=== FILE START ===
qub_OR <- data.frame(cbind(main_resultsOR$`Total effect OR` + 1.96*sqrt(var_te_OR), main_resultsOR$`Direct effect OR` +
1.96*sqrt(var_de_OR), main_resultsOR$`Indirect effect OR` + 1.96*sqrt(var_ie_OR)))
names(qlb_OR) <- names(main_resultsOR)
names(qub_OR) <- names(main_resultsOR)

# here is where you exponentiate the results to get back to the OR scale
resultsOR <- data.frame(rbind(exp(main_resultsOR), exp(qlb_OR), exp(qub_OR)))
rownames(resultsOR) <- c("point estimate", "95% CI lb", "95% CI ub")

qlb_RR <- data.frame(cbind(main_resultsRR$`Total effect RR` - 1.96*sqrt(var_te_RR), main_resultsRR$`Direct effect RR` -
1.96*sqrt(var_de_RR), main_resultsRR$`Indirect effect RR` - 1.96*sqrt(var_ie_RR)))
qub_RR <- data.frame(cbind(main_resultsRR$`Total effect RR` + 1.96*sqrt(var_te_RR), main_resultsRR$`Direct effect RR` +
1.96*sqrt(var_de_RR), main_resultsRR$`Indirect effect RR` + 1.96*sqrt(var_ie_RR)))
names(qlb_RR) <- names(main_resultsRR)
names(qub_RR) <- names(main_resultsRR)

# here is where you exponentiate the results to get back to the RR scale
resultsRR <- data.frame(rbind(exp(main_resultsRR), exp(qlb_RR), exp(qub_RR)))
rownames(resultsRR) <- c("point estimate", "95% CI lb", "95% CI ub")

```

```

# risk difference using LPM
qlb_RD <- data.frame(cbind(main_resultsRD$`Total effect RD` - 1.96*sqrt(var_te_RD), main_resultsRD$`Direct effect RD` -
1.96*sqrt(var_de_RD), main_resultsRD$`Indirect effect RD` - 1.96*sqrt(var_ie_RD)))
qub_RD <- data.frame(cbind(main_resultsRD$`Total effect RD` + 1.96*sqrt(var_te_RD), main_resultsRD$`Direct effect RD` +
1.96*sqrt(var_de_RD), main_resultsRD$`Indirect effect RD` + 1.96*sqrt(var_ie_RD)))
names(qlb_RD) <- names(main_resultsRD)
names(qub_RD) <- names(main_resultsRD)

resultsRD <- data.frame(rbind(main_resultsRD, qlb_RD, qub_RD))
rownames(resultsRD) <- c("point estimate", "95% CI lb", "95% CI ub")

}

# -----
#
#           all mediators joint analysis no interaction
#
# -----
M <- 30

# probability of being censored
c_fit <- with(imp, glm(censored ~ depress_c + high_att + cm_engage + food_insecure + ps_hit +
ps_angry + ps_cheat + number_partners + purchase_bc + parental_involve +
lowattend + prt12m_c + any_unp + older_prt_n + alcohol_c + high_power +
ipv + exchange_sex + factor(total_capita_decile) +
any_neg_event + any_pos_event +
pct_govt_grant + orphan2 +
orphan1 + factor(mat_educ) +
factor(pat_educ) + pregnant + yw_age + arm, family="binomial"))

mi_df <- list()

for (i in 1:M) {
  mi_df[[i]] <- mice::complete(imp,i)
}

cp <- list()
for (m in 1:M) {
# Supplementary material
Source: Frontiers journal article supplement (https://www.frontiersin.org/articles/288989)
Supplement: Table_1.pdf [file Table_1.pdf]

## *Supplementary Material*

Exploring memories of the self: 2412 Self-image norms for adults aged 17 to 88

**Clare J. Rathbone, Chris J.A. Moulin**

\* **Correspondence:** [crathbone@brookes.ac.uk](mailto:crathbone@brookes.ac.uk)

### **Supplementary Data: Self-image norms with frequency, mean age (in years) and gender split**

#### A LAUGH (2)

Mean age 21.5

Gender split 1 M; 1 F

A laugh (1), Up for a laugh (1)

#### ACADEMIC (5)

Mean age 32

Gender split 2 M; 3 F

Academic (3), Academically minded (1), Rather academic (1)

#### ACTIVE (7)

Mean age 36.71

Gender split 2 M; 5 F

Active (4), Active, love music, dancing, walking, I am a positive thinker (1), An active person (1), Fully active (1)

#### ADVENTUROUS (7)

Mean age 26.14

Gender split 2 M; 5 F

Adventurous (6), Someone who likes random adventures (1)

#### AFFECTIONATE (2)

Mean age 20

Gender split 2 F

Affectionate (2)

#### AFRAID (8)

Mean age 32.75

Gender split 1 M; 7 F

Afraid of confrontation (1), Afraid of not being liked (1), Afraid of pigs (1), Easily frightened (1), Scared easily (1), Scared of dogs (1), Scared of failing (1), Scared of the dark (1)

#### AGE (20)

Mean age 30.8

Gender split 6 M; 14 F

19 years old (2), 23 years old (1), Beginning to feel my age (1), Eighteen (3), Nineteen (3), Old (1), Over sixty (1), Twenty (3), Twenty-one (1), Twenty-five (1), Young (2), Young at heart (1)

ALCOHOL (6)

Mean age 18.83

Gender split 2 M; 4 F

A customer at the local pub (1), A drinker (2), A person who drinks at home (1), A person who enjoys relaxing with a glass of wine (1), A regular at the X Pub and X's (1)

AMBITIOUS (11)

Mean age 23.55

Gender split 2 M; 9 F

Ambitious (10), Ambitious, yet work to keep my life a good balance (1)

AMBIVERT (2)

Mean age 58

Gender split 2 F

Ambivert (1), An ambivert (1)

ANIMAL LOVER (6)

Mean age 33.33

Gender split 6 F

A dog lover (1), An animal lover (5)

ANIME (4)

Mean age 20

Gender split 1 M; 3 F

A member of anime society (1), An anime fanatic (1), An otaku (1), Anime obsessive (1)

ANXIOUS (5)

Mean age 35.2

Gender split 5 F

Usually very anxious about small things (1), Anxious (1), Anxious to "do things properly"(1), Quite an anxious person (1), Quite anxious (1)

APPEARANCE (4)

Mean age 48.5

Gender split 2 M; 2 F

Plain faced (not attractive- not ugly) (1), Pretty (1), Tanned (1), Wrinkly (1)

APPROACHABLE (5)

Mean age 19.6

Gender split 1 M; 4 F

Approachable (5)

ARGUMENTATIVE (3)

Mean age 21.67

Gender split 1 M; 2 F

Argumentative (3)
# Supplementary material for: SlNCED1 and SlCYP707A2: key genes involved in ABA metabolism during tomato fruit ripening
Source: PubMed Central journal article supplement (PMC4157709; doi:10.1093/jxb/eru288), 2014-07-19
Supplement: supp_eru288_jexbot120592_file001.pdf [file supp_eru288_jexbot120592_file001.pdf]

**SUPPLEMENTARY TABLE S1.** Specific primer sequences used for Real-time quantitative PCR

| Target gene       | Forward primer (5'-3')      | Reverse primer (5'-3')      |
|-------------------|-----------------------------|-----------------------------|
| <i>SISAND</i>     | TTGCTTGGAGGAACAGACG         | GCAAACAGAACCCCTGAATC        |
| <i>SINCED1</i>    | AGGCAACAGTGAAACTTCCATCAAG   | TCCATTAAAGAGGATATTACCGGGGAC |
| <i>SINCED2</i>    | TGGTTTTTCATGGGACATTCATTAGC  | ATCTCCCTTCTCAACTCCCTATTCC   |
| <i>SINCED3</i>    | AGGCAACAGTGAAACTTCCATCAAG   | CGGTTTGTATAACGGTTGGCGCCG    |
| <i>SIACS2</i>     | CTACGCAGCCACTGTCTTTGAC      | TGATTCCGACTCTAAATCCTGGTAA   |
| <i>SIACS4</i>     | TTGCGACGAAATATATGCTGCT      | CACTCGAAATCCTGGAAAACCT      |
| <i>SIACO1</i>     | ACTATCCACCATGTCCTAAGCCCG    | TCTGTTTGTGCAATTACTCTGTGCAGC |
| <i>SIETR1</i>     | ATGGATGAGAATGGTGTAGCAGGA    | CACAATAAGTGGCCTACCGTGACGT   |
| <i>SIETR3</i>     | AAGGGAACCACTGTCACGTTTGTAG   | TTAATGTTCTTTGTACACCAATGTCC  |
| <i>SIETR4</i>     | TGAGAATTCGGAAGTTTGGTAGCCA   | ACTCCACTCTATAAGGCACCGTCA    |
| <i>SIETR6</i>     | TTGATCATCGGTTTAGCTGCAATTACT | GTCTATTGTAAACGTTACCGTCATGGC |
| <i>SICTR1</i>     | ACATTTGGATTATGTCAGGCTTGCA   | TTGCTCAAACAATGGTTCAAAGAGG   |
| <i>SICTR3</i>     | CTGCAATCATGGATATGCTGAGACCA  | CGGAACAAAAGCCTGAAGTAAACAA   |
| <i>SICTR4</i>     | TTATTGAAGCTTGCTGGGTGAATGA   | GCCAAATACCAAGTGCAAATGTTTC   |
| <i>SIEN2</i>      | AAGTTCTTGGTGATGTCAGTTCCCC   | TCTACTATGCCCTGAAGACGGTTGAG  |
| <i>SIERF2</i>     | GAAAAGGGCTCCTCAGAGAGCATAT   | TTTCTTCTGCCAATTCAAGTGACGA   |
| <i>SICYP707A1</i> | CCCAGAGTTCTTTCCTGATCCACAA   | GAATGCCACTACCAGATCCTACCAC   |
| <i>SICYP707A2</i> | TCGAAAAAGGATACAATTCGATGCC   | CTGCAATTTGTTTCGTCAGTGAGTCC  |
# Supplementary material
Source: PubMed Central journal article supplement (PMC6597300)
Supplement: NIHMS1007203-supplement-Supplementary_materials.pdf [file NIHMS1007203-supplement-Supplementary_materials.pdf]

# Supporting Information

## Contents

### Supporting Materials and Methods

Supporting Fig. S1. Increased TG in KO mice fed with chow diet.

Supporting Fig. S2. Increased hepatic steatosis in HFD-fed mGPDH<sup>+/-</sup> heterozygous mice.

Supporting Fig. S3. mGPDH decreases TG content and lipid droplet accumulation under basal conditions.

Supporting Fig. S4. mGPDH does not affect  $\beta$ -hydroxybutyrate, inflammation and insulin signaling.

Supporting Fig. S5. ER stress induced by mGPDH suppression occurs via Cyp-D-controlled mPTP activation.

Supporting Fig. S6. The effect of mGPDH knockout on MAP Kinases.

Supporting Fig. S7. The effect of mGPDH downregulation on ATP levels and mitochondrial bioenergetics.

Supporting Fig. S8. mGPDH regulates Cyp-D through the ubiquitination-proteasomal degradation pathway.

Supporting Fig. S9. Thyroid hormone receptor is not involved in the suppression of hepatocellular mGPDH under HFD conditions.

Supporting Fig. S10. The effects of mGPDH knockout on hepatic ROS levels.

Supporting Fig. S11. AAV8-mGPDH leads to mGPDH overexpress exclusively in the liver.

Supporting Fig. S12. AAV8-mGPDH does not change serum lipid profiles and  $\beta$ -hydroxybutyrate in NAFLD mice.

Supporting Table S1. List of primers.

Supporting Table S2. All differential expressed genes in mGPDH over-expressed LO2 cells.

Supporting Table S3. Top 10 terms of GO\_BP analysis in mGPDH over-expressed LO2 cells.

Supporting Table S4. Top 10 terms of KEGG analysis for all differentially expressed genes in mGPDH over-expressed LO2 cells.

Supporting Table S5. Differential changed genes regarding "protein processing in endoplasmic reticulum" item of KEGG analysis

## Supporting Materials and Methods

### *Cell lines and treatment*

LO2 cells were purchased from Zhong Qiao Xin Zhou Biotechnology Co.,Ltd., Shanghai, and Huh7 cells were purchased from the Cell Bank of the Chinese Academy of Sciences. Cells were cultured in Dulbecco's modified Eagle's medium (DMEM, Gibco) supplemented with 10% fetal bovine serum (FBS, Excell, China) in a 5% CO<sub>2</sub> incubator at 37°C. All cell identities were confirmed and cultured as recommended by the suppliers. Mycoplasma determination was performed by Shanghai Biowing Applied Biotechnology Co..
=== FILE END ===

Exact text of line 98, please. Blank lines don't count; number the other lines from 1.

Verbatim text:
ANIMAL LOVER (6)